Written by Ashton Snyder on
 June 22, 2024

Judge Dismisses Case Against Nevada GOP Electors Amid Controversy

The contentious case against six GOP electors in Clark County, Nevada, faced a significant setback on Friday.

Judge Mary Kay Holthus dismissed the charges due to jurisdictional issues, with Nevada Attorney General Aaron Ford vowing to appeal, as the Gateway Pundit reports

.In a Friday morning hearing, Judge Holthus expressed doubts about the state prosecutors' jurisdictional arguments. The attorneys for the electors contended the charges should be addressed in either Carson City or Douglas County, relating to the locations of the false signing ceremony and the mailing of questionable elector documents, respectively.

Clark County is generally known for its Democratic-leaning jury pool, which could present unfavorable conditions for the Republican electors. According to Judge Holthus, the crime in question occurred "in another jurisdiction."

Nevada Attorney General Aaron Ford announced his immediate plans to appeal to the state Supreme Court, arguing that the judge had made an incorrect decision. The defense attorneys, however, declared the case dead due to the expiration of the statute of limitations in December.

Defense Claims Case Beyond Statute of Limitations

Margaret McLetchie, an attorney for the defense, stated, "They're done," in reference to the expired statute of limitations for re-filing the charges. She emphasized that Nevada's three-year period for filing such charges had expired, thus rendering further legal action against the GOP electors infeasible.

This event is part of a broader national context in which criminal charges against GOP alternate electors remain pending in other states, including Georgia, Michigan, and Arizona. In these states, the legal process continues to unfold.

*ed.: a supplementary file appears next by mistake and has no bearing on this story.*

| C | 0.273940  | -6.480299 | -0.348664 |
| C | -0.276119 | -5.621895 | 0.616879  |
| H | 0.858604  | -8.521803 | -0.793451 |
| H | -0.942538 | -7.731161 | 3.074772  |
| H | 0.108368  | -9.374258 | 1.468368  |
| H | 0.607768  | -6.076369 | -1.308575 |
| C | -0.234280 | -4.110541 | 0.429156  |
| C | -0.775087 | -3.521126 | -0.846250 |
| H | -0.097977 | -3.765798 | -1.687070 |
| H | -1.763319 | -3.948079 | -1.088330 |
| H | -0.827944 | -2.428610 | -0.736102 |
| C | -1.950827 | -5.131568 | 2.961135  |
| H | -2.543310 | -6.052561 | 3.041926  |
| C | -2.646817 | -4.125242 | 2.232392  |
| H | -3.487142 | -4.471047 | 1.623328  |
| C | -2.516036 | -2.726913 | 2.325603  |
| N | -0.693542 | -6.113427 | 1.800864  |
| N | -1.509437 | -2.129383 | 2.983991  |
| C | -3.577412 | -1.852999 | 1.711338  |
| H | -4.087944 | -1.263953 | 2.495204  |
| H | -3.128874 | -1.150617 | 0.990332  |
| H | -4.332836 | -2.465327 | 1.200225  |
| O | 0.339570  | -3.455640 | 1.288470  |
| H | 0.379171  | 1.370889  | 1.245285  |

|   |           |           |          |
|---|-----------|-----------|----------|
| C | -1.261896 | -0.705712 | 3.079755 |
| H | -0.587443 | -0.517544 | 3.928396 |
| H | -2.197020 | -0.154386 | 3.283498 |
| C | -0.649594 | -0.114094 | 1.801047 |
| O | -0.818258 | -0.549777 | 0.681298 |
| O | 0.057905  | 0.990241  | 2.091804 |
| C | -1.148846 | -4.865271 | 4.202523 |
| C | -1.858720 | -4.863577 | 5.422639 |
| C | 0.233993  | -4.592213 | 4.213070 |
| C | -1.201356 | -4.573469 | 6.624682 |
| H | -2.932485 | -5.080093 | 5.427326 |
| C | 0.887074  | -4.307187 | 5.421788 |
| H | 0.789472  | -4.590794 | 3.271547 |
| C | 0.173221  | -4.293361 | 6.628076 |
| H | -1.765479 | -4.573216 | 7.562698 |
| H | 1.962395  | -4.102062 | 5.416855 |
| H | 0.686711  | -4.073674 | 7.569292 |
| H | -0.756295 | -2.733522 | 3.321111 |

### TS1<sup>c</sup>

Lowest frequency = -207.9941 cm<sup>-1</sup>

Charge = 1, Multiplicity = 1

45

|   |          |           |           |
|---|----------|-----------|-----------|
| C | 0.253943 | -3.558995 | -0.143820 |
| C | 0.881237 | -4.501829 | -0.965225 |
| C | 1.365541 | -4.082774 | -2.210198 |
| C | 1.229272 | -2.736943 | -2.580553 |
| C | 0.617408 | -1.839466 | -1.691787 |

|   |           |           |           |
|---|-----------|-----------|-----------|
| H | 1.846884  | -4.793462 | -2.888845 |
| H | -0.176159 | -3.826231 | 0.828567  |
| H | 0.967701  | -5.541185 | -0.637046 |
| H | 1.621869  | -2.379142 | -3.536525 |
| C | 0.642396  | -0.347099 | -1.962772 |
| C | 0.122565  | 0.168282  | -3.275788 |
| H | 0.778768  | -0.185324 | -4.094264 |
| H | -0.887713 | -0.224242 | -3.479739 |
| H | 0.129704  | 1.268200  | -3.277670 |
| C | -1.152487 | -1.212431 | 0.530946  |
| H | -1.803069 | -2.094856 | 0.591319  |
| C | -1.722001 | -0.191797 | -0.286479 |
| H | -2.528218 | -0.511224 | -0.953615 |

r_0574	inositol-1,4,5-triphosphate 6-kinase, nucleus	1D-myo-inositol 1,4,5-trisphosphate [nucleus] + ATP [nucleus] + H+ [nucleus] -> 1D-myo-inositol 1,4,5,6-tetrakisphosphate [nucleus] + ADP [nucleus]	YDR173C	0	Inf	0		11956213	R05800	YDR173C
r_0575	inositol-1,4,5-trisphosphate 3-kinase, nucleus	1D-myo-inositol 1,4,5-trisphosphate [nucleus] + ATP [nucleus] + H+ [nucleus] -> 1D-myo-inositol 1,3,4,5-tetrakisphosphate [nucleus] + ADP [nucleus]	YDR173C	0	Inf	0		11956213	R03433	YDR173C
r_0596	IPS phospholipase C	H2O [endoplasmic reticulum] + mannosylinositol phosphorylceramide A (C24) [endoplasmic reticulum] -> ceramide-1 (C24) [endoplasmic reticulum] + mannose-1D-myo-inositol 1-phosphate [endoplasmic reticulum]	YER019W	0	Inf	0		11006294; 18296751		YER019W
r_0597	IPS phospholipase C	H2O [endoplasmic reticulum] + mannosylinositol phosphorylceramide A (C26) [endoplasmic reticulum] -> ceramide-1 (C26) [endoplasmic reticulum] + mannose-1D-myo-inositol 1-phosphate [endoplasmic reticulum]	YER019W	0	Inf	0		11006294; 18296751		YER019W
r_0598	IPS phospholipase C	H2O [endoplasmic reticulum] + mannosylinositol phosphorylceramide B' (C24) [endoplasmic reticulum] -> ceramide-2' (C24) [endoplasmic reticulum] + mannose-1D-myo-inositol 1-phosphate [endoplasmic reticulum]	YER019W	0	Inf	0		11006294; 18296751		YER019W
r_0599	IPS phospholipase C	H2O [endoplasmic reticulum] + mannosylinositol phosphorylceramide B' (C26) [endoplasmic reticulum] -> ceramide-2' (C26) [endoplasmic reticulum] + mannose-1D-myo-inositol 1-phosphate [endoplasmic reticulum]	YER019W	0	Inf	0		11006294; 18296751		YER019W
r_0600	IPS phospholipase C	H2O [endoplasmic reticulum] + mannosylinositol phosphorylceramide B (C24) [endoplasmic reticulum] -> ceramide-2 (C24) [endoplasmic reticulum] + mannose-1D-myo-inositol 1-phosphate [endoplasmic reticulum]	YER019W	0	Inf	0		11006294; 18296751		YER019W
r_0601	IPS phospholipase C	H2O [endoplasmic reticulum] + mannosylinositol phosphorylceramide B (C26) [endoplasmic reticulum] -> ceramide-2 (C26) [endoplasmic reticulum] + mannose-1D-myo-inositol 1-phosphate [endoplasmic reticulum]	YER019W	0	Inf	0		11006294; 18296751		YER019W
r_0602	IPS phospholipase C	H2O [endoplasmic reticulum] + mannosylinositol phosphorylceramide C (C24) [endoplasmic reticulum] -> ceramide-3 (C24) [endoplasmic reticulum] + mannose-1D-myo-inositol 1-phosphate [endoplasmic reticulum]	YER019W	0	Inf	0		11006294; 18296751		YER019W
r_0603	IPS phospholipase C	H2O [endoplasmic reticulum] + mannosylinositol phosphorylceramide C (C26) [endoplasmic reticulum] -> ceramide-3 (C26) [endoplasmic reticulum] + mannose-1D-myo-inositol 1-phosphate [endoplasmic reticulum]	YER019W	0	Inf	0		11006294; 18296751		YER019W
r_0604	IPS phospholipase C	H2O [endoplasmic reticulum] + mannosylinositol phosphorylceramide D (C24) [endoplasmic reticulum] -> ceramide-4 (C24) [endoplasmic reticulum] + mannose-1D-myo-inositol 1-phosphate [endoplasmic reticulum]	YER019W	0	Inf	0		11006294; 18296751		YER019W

Wider Context of Electors' Legal Struggles

The original filing period for the Nevada case ended in December; thus, re-filing in another jurisdiction was no longer an option. This procedural detail was crucial in Judge Holthus's ruling.

On Nov. 13, 2020, attorneys general from Nevada and Michigan had jointly requested the Department of Justice to refrain from interfering in state-led voter fraud investigations. This collaboration indicated a concerted effort to address electoral concerns independently at the state level.

The broader legal battles involving GOP electors are progressing variously across the nation. The Michigan case, similar to Nevada, seems to be faltering, as pre-trial proceedings have shown significant judicial skepticism.

Future Implications and Immediate Reactions

The implications of Judge Holthus's dismissal of the Nevada case are significant, raising questions about jurisdictional authority and the prosecution's procedural decisions. The electors' legal team has strongly advocated the finality of the case based on statutory deadlines.

Nevada Attorney General Ford's response was immediate and emphatic, as he declared his intention to take the matter to the state Supreme Court. He remained firm in his belief that the judge’s ruling was a misstep.

The legal landscape remains dynamic, with high stakes for all parties involved. As the appeals process unfolds, both sides brace for further judicial scrutiny and public attention.

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